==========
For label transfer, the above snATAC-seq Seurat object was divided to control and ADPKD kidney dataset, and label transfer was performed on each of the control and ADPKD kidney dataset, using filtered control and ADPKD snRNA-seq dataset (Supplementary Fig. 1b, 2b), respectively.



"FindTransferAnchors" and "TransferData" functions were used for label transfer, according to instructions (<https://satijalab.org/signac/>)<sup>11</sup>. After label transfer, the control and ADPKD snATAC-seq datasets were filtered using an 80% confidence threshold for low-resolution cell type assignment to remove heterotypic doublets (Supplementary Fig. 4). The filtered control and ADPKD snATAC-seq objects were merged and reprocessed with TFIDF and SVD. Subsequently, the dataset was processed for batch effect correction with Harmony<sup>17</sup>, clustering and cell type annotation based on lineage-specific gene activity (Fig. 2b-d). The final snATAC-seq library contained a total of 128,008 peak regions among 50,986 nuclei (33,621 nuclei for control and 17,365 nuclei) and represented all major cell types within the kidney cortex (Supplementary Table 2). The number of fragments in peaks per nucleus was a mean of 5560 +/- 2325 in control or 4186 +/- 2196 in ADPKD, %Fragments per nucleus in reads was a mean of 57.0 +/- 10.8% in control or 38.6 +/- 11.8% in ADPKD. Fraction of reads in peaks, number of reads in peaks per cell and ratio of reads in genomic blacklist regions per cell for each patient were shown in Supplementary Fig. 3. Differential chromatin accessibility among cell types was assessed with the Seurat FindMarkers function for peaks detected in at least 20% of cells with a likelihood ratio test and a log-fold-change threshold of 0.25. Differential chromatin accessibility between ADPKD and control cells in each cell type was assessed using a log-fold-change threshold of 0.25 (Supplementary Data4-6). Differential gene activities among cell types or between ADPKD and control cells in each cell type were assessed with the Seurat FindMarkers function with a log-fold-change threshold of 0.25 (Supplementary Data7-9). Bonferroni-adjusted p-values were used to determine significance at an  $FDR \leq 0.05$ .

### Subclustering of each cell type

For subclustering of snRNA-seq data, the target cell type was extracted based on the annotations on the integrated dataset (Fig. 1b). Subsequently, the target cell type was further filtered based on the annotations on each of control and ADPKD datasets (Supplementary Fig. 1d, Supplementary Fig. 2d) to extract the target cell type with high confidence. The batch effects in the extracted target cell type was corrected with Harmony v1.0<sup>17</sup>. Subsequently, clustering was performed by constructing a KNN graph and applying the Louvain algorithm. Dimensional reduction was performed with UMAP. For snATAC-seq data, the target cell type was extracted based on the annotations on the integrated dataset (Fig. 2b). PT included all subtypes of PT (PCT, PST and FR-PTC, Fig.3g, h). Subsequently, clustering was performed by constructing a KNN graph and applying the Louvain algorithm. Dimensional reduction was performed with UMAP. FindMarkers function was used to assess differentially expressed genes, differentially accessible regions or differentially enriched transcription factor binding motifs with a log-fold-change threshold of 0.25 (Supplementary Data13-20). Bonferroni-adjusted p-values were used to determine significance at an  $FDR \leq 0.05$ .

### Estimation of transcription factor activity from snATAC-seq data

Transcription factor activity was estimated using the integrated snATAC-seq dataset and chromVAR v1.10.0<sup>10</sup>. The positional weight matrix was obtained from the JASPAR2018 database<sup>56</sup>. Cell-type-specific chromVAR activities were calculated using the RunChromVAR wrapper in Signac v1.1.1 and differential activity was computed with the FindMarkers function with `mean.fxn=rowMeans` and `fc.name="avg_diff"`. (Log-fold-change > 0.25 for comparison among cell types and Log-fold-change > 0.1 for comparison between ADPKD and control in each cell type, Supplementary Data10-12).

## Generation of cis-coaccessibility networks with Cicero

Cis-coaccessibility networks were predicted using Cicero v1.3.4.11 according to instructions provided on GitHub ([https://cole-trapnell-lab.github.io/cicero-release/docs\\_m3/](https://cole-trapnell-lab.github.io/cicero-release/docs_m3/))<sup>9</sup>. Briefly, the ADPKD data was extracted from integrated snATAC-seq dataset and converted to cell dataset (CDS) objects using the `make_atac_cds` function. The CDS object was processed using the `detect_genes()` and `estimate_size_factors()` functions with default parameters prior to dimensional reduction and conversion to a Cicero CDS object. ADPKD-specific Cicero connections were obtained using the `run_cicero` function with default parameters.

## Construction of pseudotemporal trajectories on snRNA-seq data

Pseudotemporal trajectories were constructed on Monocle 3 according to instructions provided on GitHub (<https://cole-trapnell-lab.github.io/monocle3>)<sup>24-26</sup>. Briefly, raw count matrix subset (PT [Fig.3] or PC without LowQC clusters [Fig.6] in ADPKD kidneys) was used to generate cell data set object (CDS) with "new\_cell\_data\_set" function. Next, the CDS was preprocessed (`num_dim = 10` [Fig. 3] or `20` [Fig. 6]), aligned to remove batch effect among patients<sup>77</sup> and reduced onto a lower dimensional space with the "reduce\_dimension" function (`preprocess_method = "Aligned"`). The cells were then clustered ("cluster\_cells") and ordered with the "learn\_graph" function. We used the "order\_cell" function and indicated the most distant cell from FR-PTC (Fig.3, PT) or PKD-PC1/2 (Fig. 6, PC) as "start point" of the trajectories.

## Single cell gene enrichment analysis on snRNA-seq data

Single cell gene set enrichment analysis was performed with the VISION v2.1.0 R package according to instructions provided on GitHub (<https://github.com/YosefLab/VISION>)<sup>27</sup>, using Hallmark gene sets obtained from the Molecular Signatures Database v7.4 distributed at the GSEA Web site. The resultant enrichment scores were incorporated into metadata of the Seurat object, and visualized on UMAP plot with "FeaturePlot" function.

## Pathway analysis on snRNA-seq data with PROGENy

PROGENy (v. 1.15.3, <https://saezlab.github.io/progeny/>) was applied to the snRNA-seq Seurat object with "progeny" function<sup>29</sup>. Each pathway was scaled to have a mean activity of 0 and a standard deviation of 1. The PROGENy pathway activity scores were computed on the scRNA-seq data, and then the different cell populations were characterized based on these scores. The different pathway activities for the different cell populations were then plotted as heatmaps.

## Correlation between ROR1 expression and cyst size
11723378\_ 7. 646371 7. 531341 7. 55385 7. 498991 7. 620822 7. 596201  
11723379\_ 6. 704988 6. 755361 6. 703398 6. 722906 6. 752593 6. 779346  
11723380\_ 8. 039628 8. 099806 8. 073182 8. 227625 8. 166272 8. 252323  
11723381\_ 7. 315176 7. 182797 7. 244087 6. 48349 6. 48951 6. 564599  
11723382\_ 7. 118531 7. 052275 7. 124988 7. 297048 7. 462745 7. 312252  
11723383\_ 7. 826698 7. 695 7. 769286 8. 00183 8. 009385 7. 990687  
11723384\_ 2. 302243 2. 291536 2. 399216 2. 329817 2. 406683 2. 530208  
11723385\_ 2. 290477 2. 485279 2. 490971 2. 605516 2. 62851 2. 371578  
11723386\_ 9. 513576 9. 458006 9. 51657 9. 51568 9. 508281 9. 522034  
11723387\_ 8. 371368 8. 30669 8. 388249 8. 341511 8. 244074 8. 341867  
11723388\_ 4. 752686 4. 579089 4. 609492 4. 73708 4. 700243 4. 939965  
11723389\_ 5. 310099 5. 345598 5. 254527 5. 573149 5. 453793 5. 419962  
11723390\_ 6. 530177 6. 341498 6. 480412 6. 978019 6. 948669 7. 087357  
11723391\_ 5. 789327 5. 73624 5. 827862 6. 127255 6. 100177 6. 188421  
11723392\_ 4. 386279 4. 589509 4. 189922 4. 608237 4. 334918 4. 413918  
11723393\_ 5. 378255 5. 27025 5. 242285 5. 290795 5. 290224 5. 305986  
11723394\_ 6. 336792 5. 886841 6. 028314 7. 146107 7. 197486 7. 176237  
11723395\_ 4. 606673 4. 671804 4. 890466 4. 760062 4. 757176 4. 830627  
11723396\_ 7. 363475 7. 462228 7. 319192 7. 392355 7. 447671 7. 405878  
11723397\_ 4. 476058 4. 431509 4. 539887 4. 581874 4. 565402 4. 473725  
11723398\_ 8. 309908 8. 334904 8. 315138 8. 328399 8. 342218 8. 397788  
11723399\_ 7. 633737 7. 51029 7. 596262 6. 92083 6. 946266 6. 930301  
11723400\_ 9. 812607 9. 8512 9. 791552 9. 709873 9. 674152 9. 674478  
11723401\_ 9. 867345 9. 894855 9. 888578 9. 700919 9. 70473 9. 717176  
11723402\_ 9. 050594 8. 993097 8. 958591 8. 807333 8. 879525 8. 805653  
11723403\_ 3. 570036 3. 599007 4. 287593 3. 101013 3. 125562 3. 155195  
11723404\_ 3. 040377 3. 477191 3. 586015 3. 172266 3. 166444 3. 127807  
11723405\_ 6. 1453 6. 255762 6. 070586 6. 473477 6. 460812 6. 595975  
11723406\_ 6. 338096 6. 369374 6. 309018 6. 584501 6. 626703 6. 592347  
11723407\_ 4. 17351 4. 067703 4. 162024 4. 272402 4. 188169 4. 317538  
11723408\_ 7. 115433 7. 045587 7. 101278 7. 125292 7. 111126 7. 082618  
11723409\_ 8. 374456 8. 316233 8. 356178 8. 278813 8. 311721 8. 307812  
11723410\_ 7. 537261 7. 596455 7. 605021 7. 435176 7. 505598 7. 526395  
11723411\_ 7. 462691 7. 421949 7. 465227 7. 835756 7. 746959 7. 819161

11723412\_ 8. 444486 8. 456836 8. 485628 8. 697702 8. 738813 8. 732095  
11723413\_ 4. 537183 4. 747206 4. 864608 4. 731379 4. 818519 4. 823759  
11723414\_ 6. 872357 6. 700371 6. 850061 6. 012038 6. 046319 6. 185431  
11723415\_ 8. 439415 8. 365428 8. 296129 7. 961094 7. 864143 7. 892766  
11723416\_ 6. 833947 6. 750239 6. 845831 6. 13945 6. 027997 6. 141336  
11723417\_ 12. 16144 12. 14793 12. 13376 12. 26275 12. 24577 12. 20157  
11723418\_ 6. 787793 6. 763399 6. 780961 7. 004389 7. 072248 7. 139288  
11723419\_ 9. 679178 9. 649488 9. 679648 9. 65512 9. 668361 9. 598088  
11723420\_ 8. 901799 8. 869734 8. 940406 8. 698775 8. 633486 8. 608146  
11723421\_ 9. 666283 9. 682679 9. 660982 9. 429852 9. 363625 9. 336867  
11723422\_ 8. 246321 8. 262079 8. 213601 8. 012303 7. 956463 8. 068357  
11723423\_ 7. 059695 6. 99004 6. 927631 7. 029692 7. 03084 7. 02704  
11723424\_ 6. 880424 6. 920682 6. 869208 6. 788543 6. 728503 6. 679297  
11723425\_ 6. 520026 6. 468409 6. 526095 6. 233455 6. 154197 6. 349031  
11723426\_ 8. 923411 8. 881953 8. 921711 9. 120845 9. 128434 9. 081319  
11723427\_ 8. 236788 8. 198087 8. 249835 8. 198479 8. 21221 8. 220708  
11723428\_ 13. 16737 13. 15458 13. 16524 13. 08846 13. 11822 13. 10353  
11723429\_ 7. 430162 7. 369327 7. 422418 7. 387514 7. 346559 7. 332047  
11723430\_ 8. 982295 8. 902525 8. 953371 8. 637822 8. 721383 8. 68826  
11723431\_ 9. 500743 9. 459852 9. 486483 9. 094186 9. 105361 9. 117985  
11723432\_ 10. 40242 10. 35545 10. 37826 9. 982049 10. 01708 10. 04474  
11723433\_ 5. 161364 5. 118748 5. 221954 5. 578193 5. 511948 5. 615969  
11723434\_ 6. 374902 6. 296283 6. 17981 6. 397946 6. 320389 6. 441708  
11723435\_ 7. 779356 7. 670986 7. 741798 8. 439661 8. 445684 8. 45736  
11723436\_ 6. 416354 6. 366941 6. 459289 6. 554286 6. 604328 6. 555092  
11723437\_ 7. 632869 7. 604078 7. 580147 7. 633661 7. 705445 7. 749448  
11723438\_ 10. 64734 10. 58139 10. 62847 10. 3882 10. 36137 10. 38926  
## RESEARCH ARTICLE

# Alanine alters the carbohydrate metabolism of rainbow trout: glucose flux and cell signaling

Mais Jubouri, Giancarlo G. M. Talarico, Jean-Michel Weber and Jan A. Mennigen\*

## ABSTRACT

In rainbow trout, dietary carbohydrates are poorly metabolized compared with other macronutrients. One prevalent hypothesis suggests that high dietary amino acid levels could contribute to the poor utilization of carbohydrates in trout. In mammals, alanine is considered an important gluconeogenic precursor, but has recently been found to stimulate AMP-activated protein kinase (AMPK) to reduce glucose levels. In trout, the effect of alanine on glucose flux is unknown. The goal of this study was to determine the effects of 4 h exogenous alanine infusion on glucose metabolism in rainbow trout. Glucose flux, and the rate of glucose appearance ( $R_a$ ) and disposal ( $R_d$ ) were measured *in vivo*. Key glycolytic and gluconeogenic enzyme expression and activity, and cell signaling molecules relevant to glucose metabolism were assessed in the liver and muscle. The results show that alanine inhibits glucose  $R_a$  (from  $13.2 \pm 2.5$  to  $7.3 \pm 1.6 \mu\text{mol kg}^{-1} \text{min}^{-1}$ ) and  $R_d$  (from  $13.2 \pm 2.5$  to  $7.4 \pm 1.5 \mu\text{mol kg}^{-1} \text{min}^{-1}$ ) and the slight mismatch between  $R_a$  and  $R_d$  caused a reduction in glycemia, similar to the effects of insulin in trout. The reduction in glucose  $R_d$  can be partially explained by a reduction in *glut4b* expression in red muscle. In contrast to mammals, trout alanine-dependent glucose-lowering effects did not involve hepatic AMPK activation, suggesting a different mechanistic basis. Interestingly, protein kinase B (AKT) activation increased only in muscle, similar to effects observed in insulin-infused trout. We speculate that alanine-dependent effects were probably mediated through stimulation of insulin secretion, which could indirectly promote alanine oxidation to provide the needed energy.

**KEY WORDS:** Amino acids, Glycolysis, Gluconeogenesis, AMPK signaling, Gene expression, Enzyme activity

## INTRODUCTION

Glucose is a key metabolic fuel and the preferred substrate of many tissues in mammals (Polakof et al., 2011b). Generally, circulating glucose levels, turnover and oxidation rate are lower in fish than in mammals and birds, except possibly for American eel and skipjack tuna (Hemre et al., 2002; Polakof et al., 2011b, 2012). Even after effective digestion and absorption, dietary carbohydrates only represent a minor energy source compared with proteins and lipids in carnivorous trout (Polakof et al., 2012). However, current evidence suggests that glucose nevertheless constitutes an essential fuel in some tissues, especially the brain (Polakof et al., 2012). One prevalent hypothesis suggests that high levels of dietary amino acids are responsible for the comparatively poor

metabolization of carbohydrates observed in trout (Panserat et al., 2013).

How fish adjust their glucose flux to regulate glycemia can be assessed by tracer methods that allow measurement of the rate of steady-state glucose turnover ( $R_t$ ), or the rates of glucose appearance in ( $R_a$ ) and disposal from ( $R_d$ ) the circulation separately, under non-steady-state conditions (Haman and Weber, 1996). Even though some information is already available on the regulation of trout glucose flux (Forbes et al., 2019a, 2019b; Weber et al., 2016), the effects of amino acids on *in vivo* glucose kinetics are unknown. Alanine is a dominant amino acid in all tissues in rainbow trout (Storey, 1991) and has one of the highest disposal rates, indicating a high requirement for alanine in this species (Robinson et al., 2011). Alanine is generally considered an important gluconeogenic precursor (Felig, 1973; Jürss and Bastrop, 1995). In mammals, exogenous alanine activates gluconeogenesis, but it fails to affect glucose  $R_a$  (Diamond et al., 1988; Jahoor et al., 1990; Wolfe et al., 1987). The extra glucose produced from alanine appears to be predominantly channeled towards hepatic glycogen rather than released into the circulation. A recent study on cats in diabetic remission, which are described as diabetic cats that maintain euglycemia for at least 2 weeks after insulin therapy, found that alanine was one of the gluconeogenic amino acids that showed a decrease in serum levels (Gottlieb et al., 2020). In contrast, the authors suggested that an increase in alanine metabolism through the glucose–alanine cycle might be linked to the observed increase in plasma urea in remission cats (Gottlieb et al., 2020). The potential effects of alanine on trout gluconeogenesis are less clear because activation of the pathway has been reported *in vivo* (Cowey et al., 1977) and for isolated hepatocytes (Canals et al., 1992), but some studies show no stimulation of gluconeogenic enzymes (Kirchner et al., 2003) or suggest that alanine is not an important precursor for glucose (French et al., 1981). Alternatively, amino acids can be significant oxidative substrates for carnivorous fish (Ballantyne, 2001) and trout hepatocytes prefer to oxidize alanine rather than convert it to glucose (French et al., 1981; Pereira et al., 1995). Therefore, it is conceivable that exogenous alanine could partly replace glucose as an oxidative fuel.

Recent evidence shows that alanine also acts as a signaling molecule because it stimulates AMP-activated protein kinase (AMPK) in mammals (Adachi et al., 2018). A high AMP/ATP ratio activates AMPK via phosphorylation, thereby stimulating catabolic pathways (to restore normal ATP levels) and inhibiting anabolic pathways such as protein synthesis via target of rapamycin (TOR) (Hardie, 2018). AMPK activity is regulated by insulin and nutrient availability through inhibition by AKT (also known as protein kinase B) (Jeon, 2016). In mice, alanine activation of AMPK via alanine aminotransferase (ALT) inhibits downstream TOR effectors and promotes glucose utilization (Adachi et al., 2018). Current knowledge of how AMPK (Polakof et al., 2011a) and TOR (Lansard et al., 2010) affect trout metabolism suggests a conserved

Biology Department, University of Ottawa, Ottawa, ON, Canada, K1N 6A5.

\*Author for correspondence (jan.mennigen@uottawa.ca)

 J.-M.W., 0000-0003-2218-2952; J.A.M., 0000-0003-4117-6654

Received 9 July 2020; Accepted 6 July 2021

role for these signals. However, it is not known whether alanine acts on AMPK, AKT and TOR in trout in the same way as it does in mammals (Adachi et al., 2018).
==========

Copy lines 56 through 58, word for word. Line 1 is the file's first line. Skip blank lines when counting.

11723418\_ 6. 787793 6. 763399 6. 780961 7. 004389 7. 072248 7. 139288  
11723419\_ 9. 679178 9. 649488 9. 679648 9. 65512 9. 668361 9. 598088  
11723420\_ 8. 901799 8. 869734 8. 940406 8. 698775 8. 633486 8. 608146  